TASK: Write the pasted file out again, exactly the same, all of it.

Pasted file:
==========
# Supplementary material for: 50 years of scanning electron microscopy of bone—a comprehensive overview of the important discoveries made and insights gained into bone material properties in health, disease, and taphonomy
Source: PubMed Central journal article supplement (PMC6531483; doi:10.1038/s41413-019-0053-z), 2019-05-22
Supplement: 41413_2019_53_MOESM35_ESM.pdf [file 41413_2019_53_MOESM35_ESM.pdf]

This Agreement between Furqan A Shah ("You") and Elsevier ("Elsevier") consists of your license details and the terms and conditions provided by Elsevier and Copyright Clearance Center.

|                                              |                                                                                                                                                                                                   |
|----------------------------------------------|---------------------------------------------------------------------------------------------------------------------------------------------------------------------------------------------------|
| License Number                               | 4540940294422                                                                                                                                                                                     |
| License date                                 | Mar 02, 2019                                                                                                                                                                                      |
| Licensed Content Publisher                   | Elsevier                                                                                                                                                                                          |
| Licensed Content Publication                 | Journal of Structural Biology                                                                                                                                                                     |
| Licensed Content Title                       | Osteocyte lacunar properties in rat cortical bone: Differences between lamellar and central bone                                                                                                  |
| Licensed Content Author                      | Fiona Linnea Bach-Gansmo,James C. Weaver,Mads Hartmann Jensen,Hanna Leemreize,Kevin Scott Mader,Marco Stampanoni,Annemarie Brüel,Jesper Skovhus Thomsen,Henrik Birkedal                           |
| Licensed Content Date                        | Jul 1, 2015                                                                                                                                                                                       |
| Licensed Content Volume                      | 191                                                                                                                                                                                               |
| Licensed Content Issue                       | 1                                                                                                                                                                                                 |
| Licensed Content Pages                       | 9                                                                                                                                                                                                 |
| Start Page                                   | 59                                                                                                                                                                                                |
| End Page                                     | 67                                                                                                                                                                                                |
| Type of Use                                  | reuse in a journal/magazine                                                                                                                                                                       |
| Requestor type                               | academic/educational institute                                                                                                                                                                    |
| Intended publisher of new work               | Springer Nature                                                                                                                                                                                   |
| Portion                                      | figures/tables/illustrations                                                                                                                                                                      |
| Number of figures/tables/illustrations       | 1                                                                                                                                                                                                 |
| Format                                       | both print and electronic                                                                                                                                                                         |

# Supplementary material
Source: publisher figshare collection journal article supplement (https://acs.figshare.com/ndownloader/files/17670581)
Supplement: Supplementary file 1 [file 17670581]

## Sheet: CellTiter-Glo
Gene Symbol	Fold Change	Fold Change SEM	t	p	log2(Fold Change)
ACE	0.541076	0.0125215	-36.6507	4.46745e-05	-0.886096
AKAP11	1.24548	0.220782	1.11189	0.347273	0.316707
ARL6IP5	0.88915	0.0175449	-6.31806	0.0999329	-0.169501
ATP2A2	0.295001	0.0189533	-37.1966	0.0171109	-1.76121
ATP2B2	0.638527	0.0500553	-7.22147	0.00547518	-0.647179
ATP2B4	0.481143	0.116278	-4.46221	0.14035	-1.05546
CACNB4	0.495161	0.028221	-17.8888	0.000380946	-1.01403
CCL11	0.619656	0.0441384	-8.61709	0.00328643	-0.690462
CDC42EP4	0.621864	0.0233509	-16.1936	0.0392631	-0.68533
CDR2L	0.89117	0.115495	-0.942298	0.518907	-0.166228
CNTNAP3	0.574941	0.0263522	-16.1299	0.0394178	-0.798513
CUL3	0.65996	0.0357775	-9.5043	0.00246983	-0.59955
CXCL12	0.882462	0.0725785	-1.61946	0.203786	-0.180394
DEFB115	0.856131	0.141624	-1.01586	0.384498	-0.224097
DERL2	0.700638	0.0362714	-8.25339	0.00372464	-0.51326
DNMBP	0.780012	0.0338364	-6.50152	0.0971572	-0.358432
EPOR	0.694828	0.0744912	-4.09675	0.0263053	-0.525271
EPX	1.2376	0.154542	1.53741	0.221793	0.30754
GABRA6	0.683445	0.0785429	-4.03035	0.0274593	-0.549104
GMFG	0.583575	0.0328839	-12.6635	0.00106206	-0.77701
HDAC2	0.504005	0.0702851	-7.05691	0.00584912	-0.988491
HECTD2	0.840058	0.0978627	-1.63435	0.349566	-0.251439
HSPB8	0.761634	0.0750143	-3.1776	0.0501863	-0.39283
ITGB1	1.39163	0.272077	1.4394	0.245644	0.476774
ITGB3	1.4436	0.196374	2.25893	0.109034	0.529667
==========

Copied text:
# Supplementary material for: 50 years of scanning electron microscopy of bone—a comprehensive overview of the important discoveries made and insights gained into bone material properties in health, disease, and taphonomy
Source: PubMed Central journal article supplement (PMC6531483; doi:10.1038/s41413-019-0053-z), 2019-05-22
Supplement: 41413_2019_53_MOESM35_ESM.pdf [file 41413_2019_53_MOESM35_ESM.pdf]

This Agreement between Furqan A Shah ("You") and Elsevier ("Elsevier") consists of your license details and the terms and conditions provided by Elsevier and Copyright Clearance Center.

|                                              |                                                                                                                                                                                                   |
|----------------------------------------------|---------------------------------------------------------------------------------------------------------------------------------------------------------------------------------------------------|
| License Number                               | 4540940294422                                                                                                                                                                                     |
| License date                                 | Mar 02, 2019                                                                                                                                                                                      |
| Licensed Content Publisher                   | Elsevier                                                                                                                                                                                          |
| Licensed Content Publication                 | Journal of Structural Biology                                                                                                                                                                     |
| Licensed Content Title                       | Osteocyte lacunar properties in rat cortical bone: Differences between lamellar and central bone                                                                                                  |
| Licensed Content Author                      | Fiona Linnea Bach-Gansmo,James C. Weaver,Mads Hartmann Jensen,Hanna Leemreize,Kevin Scott Mader,Marco Stampanoni,Annemarie Brüel,Jesper Skovhus Thomsen,Henrik Birkedal                           |
| Licensed Content Date                        | Jul 1, 2015                                                                                                                                                                                       |
| Licensed Content Volume                      | 191                                                                                                                                                                                               |
| Licensed Content Issue                       | 1                                                                                                                                                                                                 |
| Licensed Content Pages                       | 9                                                                                                                                                                                                 |
| Start Page                                   | 59                                                                                                                                                                                                |
| End Page                                     | 67                                                                                                                                                                                                |
| Type of Use                                  | reuse in a journal/magazine                                                                                                                                                                       |
| Requestor type                               | academic/educational institute                                                                                                                                                                    |
| Intended publisher of new work               | Springer Nature                                                                                                                                                                                   |
| Portion                                      | figures/tables/illustrations                                                                                                                                                                      |
| Number of figures/tables/illustrations       | 1                                                                                                                                                                                                 |
| Format                                       | both print and electronic                                                                                                                                                                         |

# Supplementary material
Source: publisher figshare collection journal article supplement (https://acs.figshare.com/ndownloader/files/17670581)
Supplement: Supplementary file 1 [file 17670581]

## Sheet: CellTiter-Glo
Gene Symbol	Fold Change	Fold Change SEM	t	p	log2(Fold Change)
ACE	0.541076	0.0125215	-36.6507	4.46745e-05	-0.886096
AKAP11	1.24548	0.220782	1.11189	0.347273	0.316707
ARL6IP5	0.88915	0.0175449	-6.31806	0.0999329	-0.169501
ATP2A2	0.295001	0.0189533	-37.1966	0.0171109	-1.76121
ATP2B2	0.638527	0.0500553	-7.22147	0.00547518	-0.647179
ATP2B4	0.481143	0.116278	-4.46221	0.14035	-1.05546
CACNB4	0.495161	0.028221	-17.8888	0.000380946	-1.01403
CCL11	0.619656	0.0441384	-8.61709	0.00328643	-0.690462
CDC42EP4	0.621864	0.0233509	-16.1936	0.0392631	-0.68533
CDR2L	0.89117	0.115495	-0.942298	0.518907	-0.166228
CNTNAP3	0.574941	0.0263522	-16.1299	0.0394178	-0.798513
CUL3	0.65996	0.0357775	-9.5043	0.00246983	-0.59955
CXCL12	0.882462	0.0725785	-1.61946	0.203786	-0.180394
DEFB115	0.856131	0.141624	-1.01586	0.384498	-0.224097
DERL2	0.700638	0.0362714	-8.25339	0.00372464	-0.51326
DNMBP	0.780012	0.0338364	-6.50152	0.0971572	-0.358432
EPOR	0.694828	0.0744912	-4.09675	0.0263053	-0.525271
EPX	1.2376	0.154542	1.53741	0.221793	0.30754
GABRA6	0.683445	0.0785429	-4.03035	0.0274593	-0.549104
GMFG	0.583575	0.0328839	-12.6635	0.00106206	-0.77701
HDAC2	0.504005	0.0702851	-7.05691	0.00584912	-0.988491
HECTD2	0.840058	0.0978627	-1.63435	0.349566	-0.251439
HSPB8	0.761634	0.0750143	-3.1776	0.0501863	-0.39283
ITGB1	1.39163	0.272077	1.4394	0.245644	0.476774
ITGB3	1.4436	0.196374	2.25893	0.109034	0.529667